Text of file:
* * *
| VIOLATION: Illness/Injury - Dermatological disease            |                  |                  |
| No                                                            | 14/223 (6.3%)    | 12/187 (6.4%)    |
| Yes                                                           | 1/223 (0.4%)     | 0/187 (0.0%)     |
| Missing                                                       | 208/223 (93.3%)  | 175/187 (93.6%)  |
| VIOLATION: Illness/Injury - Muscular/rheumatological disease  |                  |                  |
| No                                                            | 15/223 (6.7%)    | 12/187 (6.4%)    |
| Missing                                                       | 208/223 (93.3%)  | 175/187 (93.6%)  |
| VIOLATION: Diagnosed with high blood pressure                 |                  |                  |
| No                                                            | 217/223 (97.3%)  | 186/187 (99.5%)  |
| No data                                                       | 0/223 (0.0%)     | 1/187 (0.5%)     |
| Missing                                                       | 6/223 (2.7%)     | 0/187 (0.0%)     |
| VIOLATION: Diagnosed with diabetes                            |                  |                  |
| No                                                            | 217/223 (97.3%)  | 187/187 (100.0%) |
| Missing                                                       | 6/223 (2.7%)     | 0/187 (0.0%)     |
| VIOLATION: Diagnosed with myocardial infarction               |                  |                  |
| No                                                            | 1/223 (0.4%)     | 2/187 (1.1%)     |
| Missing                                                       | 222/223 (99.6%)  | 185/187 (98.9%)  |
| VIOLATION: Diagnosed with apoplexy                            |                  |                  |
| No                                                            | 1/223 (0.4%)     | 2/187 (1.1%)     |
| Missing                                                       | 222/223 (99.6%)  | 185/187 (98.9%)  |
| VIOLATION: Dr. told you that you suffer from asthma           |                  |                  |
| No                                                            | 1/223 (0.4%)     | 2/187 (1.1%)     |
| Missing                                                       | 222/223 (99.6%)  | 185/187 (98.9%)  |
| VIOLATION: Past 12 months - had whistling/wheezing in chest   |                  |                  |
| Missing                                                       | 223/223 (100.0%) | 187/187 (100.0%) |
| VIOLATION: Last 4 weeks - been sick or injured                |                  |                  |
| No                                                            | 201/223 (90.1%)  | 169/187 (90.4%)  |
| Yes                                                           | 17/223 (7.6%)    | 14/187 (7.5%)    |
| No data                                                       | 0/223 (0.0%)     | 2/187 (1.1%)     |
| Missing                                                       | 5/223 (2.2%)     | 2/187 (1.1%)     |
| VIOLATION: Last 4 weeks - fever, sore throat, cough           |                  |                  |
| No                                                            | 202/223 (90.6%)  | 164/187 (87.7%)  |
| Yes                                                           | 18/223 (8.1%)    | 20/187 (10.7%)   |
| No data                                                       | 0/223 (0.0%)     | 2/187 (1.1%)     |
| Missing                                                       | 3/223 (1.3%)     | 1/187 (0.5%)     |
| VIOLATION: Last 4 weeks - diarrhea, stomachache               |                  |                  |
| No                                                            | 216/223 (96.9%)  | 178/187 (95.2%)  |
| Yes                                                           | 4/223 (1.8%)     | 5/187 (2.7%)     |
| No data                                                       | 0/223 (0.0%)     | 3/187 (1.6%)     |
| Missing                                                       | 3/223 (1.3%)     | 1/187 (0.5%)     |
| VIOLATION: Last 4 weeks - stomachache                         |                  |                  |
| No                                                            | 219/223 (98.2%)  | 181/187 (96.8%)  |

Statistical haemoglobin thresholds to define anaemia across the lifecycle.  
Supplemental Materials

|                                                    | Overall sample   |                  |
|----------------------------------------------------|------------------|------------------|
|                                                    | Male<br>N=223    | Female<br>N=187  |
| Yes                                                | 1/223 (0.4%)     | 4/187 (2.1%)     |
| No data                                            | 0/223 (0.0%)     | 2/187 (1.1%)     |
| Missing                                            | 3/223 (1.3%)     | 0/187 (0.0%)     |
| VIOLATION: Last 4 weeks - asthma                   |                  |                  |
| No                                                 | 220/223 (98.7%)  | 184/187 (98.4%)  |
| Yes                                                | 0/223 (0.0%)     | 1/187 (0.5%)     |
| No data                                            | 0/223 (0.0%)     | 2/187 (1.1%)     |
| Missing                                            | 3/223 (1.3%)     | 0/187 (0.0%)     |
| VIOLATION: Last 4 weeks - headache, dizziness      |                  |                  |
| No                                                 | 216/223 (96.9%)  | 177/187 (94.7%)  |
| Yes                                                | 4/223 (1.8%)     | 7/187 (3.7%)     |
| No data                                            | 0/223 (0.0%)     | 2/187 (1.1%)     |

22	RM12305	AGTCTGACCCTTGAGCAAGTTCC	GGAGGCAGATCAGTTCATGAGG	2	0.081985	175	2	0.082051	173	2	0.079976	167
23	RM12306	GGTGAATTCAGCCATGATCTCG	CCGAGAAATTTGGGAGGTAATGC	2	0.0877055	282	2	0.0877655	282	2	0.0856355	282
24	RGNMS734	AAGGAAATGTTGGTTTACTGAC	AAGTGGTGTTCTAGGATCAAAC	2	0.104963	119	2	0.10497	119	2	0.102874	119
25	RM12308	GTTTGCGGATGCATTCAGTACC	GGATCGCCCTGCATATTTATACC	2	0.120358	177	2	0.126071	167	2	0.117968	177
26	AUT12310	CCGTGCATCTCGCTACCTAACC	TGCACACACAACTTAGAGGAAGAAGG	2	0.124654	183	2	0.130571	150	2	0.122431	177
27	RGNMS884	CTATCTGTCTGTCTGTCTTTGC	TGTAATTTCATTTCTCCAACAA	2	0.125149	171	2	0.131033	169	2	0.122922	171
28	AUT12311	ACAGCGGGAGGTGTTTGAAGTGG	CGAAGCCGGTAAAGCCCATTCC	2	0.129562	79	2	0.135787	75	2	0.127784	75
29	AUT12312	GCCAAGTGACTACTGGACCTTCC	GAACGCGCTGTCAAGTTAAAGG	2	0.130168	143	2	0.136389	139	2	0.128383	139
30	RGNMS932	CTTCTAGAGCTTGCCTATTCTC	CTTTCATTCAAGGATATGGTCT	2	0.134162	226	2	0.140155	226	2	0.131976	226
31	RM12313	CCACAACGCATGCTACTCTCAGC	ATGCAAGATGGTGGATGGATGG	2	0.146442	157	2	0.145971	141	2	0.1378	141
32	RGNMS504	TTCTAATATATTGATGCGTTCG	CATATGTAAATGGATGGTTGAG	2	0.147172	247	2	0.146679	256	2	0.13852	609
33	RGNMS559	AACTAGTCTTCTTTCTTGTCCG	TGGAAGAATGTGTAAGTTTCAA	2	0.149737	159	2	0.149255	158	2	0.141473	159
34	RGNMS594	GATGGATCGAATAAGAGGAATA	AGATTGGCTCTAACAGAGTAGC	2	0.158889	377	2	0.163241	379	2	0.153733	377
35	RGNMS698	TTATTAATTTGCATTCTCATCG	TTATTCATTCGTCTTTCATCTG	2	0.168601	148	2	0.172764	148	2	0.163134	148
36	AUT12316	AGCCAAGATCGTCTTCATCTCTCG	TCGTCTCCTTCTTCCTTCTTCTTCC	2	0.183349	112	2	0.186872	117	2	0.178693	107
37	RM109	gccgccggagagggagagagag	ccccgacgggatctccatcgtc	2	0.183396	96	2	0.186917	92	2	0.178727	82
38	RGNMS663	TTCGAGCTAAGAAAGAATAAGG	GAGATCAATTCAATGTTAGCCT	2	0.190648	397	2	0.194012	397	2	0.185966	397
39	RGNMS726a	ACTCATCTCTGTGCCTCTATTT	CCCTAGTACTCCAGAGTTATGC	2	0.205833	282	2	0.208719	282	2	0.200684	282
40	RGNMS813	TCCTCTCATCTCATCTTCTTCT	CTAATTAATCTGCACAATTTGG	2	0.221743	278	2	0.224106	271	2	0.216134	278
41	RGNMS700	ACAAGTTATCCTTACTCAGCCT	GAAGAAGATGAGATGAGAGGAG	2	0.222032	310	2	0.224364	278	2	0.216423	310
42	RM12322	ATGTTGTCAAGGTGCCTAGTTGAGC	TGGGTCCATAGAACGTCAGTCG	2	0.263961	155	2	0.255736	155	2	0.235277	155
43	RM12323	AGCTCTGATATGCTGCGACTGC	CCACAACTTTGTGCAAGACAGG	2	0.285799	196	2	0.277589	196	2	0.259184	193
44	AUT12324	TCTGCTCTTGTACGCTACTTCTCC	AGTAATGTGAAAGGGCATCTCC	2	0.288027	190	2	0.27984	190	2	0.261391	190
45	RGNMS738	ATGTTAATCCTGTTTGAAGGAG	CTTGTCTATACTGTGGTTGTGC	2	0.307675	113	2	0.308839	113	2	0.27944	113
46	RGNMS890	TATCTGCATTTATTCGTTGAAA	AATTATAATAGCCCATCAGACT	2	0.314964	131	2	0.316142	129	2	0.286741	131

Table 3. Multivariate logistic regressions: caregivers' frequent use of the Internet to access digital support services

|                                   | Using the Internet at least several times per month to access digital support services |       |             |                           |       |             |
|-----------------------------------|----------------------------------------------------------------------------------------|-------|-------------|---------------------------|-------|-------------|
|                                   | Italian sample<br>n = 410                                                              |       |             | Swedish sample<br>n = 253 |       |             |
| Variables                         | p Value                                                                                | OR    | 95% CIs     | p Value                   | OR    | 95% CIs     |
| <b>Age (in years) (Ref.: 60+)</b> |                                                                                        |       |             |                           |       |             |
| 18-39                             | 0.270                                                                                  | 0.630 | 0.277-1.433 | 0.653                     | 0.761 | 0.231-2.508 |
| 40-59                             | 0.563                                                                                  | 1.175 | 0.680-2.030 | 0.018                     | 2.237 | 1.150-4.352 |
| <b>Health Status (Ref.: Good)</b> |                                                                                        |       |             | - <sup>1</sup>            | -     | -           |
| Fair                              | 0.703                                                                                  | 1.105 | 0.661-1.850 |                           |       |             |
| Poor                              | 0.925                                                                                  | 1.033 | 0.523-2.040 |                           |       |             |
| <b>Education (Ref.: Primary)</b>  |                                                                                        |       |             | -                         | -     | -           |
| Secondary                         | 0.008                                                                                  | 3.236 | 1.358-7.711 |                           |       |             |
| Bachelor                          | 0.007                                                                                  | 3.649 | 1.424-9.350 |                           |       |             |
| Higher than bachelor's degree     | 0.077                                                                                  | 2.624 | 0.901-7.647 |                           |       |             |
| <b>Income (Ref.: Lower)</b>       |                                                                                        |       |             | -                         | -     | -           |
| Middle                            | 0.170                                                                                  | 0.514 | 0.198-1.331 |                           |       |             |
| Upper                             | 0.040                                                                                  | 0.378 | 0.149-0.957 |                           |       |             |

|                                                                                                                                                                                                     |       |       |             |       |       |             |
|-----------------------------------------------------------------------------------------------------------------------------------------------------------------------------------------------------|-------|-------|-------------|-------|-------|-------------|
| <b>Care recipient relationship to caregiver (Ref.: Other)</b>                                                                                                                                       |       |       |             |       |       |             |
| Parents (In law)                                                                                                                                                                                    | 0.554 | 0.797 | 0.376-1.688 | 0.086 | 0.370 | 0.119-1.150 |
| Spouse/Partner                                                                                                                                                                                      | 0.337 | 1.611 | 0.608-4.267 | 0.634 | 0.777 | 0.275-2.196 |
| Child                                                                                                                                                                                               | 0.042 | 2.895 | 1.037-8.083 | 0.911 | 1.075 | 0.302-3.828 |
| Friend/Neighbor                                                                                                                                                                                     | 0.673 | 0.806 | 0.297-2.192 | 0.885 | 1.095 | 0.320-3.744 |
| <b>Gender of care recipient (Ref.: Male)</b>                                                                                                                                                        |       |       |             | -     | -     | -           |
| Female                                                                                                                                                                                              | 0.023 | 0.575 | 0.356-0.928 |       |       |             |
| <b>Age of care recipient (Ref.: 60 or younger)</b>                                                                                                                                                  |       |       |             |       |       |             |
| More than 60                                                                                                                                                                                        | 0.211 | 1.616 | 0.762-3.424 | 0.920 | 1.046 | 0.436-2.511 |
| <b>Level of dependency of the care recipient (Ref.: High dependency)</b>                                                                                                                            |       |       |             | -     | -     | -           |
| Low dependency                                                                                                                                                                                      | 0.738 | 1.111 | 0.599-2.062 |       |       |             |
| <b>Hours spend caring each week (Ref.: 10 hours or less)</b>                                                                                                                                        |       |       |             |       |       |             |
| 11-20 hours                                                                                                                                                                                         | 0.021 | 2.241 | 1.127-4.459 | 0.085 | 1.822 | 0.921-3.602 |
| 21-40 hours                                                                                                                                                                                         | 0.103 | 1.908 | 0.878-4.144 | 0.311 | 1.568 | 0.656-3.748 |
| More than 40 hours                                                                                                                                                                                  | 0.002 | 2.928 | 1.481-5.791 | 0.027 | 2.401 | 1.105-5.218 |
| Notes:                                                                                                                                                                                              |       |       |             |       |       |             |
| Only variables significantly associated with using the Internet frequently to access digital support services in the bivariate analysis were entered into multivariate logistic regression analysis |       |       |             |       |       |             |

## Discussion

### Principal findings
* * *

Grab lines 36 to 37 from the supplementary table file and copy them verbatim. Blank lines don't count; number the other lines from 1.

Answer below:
| VIOLATION: Last 4 weeks - diarrhea, stomachache               |                  |                  |
| No                                                            | 216/223 (96.9%)  | 178/187 (95.2%)  |